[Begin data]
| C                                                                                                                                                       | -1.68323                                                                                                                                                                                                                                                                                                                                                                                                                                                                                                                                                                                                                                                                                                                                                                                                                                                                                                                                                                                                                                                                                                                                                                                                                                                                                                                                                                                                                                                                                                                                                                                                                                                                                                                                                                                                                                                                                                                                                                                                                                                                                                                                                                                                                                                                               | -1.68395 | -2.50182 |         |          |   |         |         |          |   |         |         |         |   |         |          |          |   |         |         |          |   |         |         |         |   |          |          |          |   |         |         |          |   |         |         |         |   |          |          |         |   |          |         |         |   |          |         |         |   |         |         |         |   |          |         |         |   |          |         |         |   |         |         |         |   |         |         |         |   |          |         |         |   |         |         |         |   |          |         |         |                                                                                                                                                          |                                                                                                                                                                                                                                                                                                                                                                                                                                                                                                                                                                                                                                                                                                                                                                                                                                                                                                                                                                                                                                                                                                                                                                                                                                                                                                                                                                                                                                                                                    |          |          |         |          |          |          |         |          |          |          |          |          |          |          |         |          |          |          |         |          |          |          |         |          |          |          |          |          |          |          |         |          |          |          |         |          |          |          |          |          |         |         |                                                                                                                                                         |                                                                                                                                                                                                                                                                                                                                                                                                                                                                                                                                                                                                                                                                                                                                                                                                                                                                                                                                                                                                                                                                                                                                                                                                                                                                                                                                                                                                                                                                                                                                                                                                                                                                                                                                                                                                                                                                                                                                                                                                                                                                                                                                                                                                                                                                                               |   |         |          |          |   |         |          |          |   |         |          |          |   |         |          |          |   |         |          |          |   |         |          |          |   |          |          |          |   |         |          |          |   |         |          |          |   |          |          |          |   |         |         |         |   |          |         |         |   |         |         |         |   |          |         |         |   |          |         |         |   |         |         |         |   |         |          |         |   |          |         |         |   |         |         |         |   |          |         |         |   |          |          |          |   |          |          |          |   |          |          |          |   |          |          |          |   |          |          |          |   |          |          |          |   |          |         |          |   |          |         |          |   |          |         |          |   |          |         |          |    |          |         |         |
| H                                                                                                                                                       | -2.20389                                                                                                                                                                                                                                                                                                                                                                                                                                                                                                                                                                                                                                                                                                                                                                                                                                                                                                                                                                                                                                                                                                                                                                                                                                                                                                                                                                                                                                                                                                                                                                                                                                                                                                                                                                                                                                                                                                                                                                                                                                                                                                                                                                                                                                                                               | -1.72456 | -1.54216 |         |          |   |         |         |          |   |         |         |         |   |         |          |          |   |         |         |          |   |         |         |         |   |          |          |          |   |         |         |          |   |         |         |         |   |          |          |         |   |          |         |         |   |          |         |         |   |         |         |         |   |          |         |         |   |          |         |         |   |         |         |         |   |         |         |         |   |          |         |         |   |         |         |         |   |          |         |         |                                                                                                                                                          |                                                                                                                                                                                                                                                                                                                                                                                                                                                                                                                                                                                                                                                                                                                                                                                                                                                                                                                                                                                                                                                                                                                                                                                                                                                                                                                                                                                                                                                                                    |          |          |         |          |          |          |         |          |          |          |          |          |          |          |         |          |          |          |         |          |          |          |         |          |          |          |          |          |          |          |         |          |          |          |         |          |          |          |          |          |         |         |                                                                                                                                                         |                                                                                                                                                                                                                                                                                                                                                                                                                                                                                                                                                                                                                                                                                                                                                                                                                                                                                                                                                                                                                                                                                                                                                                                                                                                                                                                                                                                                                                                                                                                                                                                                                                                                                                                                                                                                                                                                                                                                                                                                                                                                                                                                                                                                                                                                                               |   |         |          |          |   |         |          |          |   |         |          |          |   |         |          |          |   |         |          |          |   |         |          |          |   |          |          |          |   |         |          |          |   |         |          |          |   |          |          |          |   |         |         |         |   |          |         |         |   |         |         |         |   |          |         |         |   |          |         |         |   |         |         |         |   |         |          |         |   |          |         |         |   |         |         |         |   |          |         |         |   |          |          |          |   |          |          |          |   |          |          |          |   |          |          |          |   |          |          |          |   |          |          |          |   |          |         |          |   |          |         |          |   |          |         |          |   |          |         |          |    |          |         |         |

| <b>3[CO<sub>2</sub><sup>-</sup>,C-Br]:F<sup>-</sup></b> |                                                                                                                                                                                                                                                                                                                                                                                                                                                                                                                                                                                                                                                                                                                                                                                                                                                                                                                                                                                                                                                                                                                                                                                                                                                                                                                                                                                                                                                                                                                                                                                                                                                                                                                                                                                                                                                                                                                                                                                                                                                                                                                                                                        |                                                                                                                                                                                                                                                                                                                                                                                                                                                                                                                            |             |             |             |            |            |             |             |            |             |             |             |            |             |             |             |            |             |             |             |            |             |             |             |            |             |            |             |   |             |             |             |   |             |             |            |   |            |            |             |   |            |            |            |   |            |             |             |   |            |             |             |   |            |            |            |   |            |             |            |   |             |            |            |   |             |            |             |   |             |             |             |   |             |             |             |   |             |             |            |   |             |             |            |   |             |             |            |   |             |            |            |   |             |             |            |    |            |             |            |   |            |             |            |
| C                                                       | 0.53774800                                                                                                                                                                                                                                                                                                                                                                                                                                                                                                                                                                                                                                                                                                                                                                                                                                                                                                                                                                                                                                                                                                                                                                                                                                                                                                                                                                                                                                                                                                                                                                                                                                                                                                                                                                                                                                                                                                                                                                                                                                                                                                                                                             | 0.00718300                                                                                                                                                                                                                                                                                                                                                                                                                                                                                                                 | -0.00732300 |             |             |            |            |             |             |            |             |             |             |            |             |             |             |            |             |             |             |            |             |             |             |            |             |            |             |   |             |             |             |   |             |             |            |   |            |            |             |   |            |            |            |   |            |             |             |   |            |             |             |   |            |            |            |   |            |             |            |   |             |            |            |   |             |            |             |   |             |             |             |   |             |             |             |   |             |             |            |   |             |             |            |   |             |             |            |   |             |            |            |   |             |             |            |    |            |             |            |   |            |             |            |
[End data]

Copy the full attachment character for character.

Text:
| C                                                                                                                                                       | -1.68323                                                                                                                                                                                                                                                                                                                                                                                                                                                                                                                                                                                                                                                                                                                                                                                                                                                                                                                                                                                                                                                                                                                                                                                                                                                                                                                                                                                                                                                                                                                                                                                                                                                                                                                                                                                                                                                                                                                                                                                                                                                                                                                                                                                                                                                                               | -1.68395 | -2.50182 |         |          |   |         |         |          |   |         |         |         |   |         |          |          |   |         |         |          |   |         |         |         |   |          |          |          |   |         |         |          |   |         |         |         |   |          |          |         |   |          |         |         |   |          |         |         |   |         |         |         |   |          |         |         |   |          |         |         |   |         |         |         |   |         |         |         |   |          |         |         |   |         |         |         |   |          |         |         |                                                                                                                                                          |                                                                                                                                                                                                                                                                                                                                                                                                                                                                                                                                                                                                                                                                                                                                                                                                                                                                                                                                                                                                                                                                                                                                                                                                                                                                                                                                                                                                                                                                                    |          |          |         |          |          |          |         |          |          |          |          |          |          |          |         |          |          |          |         |          |          |          |         |          |          |          |          |          |          |          |         |          |          |          |         |          |          |          |          |          |         |         |                                                                                                                                                         |                                                                                                                                                                                                                                                                                                                                                                                                                                                                                                                                                                                                                                                                                                                                                                                                                                                                                                                                                                                                                                                                                                                                                                                                                                                                                                                                                                                                                                                                                                                                                                                                                                                                                                                                                                                                                                                                                                                                                                                                                                                                                                                                                                                                                                                                                               |   |         |          |          |   |         |          |          |   |         |          |          |   |         |          |          |   |         |          |          |   |         |          |          |   |          |          |          |   |         |          |          |   |         |          |          |   |          |          |          |   |         |         |         |   |          |         |         |   |         |         |         |   |          |         |         |   |          |         |         |   |         |         |         |   |         |          |         |   |          |         |         |   |         |         |         |   |          |         |         |   |          |          |          |   |          |          |          |   |          |          |          |   |          |          |          |   |          |          |          |   |          |          |          |   |          |         |          |   |          |         |          |   |          |         |          |   |          |         |          |    |          |         |         |
| H                                                                                                                                                       | -2.20389                                                                                                                                                                                                                                                                                                                                                                                                                                                                                                                                                                                                                                                                                                                                                                                                                                                                                                                                                                                                                                                                                                                                                                                                                                                                                                                                                                                                                                                                                                                                                                                                                                                                                                                                                                                                                                                                                                                                                                                                                                                                                                                                                                                                                                                                               | -1.72456 | -1.54216 |         |          |   |         |         |          |   |         |         |         |   |         |          |          |   |         |         |          |   |         |         |         |   |          |          |          |   |         |         |          |   |         |         |         |   |          |          |         |   |          |         |         |   |          |         |         |   |         |         |         |   |          |         |         |   |          |         |         |   |         |         |         |   |         |         |         |   |          |         |         |   |         |         |         |   |          |         |         |                                                                                                                                                          |                                                                                                                                                                                                                                                                                                                                                                                                                                                                                                                                                                                                                                                                                                                                                                                                                                                                                                                                                                                                                                                                                                                                                                                                                                                                                                                                                                                                                                                                                    |          |          |         |          |          |          |         |          |          |          |          |          |          |          |         |          |          |          |         |          |          |          |         |          |          |          |          |          |          |          |         |          |          |          |         |          |          |          |          |          |         |         |                                                                                                                                                         |                                                                                                                                                                                                                                                                                                                                                                                                                                                                                                                                                                                                                                                                                                                                                                                                                                                                                                                                                                                                                                                                                                                                                                                                                                                                                                                                                                                                                                                                                                                                                                                                                                                                                                                                                                                                                                                                                                                                                                                                                                                                                                                                                                                                                                                                                               |   |         |          |          |   |         |          |          |   |         |          |          |   |         |          |          |   |         |          |          |   |         |          |          |   |          |          |          |   |         |          |          |   |         |          |          |   |          |          |          |   |         |         |         |   |          |         |         |   |         |         |         |   |          |         |         |   |          |         |         |   |         |         |         |   |         |          |         |   |          |         |         |   |         |         |         |   |          |         |         |   |          |          |          |   |          |          |          |   |          |          |          |   |          |          |          |   |          |          |          |   |          |          |          |   |          |         |          |   |          |         |          |   |          |         |          |   |          |         |          |    |          |         |         |

| <b>3[CO<sub>2</sub><sup>-</sup>,C-Br]:F<sup>-</sup></b> |                                                                                                                                                                                                                                                                                                                                                                                                                                                                                                                                                                                                                                                                                                                                                                                                                                                                                                                                                                                                                                                                                                                                                                                                                                                                                                                                                                                                                                                                                                                                                                                                                                                                                                                                                                                                                                                                                                                                                                                                                                                                                                                                                                        |                                                                                                                                                                                                                                                                                                                                                                                                                                                                                                                            |             |             |             |            |            |             |             |            |             |             |             |            |             |             |             |            |             |             |             |            |             |             |             |            |             |            |             |   |             |             |             |   |             |             |            |   |            |            |             |   |            |            |            |   |            |             |             |   |            |             |             |   |            |            |            |   |            |             |            |   |             |            |            |   |             |            |             |   |             |             |             |   |             |             |             |   |             |             |            |   |             |             |            |   |             |             |            |   |             |            |            |   |             |             |            |    |            |             |            |   |            |             |            |
| C                                                       | 0.53774800                                                                                                                                                                                                                                                                                                                                                                                                                                                                                                                                                                                                                                                                                                                                                                                                                                                                                                                                                                                                                                                                                                                                                                                                                                                                                                                                                                                                                                                                                                                                                                                                                                                                                                                                                                                                                                                                                                                                                                                                                                                                                                                                                             | 0.00718300                                                                                                                                                                                                                                                                                                                                                                                                                                                                                                                 | -0.00732300 |             |             |            |            |             |             |            |             |             |             |            |             |             |             |            |             |             |             |            |             |             |             |            |             |            |             |   |             |             |             |   |             |             |            |   |            |            |             |   |            |            |            |   |            |             |             |   |            |             |             |   |            |            |            |   |            |             |            |   |             |            |            |   |             |            |             |   |             |             |             |   |             |             |             |   |             |             |            |   |             |             |            |   |             |             |            |   |             |            |            |   |             |             |            |    |            |             |            |   |            |             |            |